The effects which occur during the offset of a stimulant experience generally feel negative and uncomfortable in comparison to the effects which occurred during its peak. This is often referred to as a "comedown" and occurs because of neurotransmitter depletion. Its effects commonly include:
- Anxiety - Capable of reaching severe levels in the hours after the comedown has begun in some users.
- Appetite suppression
- Cognitive fatigue
- Motivation suppression
- Sleep paralysis - Some users note sleep paralysis after consuming amphetamine.
- Dream suppression
- Thought deceleration
- Wakefulness - The insomnia following a repeated series of amphetamine doses can last for longer than a day in some users.
There are currently no anecdotal reports which describe the effects of this compound within our experience index. Additional experience reports can be found here:
Toxicity and harm potential
In rodents and primates, sufficiently high doses of amphetamine cause dopaminergic neurotoxicity (or damage to dopamine neurons) which is characterized as reduced transporter and receptor function. As of March 2014, there is no evidence that amphetamine is directly neurotoxic in humans. However, high-dose amphetamine can cause indirect neurotoxicity as a result of increased oxidative stress from reactive oxygen species and autoxidation of dopamine.
The LD50 (the dosage required to kill 50% of the test subjects) of amphetamine in rats has been found to be between roughly 15mg and 180mg per kilogram depending on the study. No formal studies in humans have been carried out and the exact toxic dosage is unknown.
It is strongly recommended that one use harm reduction practices when using this drug.
Tolerance and addiction potential
As with other stimulants, the chronic use of amphetamine can be considered moderately addictive with a high potential for abuse and is capable of causing psychological dependence among certain users. When addiction has developed, cravings and withdrawal effects may occur if a person suddenly stops their usage. Addiction is a serious risk with heavy recreational amphetamine use, but is unlikely to arise from typical medical use.
Tolerance to many of the effects of amphetamine develops with prolonged and repeated use. This results in users having to administer increasingly large doses to achieve the same effects. Upon single administration, it takes about 3 - 7 days for the tolerance to be reduced to half and 1 - 2 weeks to be back at baseline (in the absence of further consumption). Amphetamine presents cross-tolerance with all dopaminergic stimulants, meaning that after the consumption of amphetamine all stimulants will have a reduced effect.
After taking amphetmine on a regular basis, some users will become addicted. When the drug is discontinued immediately, the user will experience what has come to be known as a "crash" along with a number of other amphetamine withdrawal symptoms including paranoia, depression, dream potentiation, anxiety, itching, mood swings, irritability, fatigue, insomnia, an intense craving for more amphetamine or other stimulants, and, in some cases, nausea and vomiting.
Abuse of amphetamine can result in a stimulant psychosis that may present with a variety of symptoms (e.g., paranoia, hallucinations, delusions). A review on treatment for amphetamine, dextroamphetamine, and methamphetamine abuse-induced psychosis states that about 5–15% of users fail to recover completely. The same review asserts that, based upon at least one trial, antipsychotic medications effectively resolve the symptoms of acute amphetamine psychosis. Psychosis very rarely arises from therapeutic use.
Although many psychoactive substances are safe on their own, they can become dangerous and even life-threatening when combined with other substances. The list below contains some common potentially dangerous combinations, but may not include all of them. Certain combinations may be safe in low doses of each but still increase the potential risk of death. Independent research should always be done to ensure that a combination of two or more substances is safe before consumption.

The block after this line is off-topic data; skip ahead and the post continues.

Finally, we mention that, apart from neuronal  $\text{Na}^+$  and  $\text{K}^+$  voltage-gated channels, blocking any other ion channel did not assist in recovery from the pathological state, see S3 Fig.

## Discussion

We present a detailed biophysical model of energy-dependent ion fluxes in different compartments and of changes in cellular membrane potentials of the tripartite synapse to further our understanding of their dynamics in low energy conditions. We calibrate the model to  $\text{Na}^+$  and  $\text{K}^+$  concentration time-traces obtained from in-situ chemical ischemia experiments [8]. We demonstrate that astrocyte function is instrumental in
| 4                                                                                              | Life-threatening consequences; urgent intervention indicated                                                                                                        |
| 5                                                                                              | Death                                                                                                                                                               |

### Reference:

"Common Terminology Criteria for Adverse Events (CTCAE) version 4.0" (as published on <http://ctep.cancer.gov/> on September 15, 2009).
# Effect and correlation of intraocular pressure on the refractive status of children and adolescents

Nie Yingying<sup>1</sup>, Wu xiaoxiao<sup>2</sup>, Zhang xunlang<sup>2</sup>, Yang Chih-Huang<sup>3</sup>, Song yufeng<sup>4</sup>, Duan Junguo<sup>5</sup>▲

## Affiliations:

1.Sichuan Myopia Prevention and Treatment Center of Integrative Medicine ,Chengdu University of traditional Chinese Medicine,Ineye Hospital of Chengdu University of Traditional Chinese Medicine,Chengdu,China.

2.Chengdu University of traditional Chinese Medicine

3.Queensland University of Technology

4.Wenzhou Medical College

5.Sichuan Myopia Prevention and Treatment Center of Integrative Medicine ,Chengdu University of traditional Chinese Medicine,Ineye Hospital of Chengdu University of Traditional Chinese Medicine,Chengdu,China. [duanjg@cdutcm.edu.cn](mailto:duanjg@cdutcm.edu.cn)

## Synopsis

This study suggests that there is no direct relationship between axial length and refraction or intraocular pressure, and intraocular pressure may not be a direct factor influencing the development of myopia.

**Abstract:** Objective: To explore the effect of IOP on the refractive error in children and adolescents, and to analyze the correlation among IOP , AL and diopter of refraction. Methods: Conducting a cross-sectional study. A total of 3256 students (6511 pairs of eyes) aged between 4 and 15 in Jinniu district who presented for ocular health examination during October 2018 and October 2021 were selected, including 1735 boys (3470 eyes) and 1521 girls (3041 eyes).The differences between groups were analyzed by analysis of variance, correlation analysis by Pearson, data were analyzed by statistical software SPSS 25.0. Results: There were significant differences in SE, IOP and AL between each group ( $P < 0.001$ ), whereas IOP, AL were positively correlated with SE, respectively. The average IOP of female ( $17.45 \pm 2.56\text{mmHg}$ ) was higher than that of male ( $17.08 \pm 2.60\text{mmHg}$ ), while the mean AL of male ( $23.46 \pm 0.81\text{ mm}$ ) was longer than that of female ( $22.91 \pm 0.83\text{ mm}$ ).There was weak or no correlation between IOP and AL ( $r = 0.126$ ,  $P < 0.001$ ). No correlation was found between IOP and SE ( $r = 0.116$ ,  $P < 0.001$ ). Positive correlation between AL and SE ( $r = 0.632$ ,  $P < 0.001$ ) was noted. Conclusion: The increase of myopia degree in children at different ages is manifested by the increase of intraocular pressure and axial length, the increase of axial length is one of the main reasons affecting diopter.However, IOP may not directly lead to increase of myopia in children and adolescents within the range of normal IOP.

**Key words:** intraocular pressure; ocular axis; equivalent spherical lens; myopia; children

- Stimulants - Amphetamine can be potentially dangerous in combination with other stimulants as it can increase one's heart rate and blood pressure to dangerous levels.
- Tricyclic antidepressants - Amphetamine may increase the effects of tricyclic antidepressants to dangerous levels.
- 25x-NBOMe - Both the NBOMe series and this compound induce powerful stimulation and their interaction may cause severe side effects. These can include thought loops, seizures, increased blood pressure, vasoconstriction, increased heart rate, and heart failure (in extreme cases).
- Alcohol - It is dangerous to combine alcohol, a depressant, with stimulants due to the risk of excessive intoxication. Stimulants decrease the sedative effect of alcohol which is the main factor most people consider when determining their level of intoxication. Once the stimulant wears off, the effects of alcohol will be significantly increased, leading to intensified disinhibition as well as respiratory depression. If combined, one should strictly limit themselves to only drinking a certain amount of alcohol per hour.
- DXM - This combination may cause increased heart rate and panic attacks.
- MXE - Increased heart rate and blood pressure may occur.
- Tramadol - This combination can increase the risk of seizures.
- MDMA - The neurotoxic effects of MDMA may be increased when combined with amphetamines.
- MAOIs - This combination may increase the amount of neurotransmitters such as dopamine to dangerous or even fatal levels. Examples include syrian rue, banisteriopsis caapi, 2C-T-2, 2C-T-7, αMT, and some antidepressants.
- Cocaine - This combination may increase strain on the heart.
Amphetamine is legally approved for medical purposes worldwide. However, it is a controlled substance and is illegal to sell and possess in most countries without a prescription.
- Austria: Amphetamine is illegal to possess, produce and sell under the SMG (Suchtmittelgesetz Österreich).
- Canada: It is a Schedule I drug.
- Germany: Amphetamine is a controlled substance under Anlage 3 of the BtMG.
- Japan: Amphetamine is prohibited.
- South Korea: Amphetamine is banned even for medical purposes.
- Thailand: The drug is classified as a category 1 narcotic in the Thai Narcotic Act of 2012.
- United Kingdom: Amphetamine is considered a Class B drug.
- United States: Amphetamine is a Schedule II controlled substance.
- Amphetamine (Wikipedia)
- Amphetamine (Erowid Vault)
- Amphetamine (Isomer Design)
- Potential Adverse Effects of Amphetamine Treatment on Brain and Behavior: A Review
- Dextroamphetamine and Amphetamine (Medicine Plus)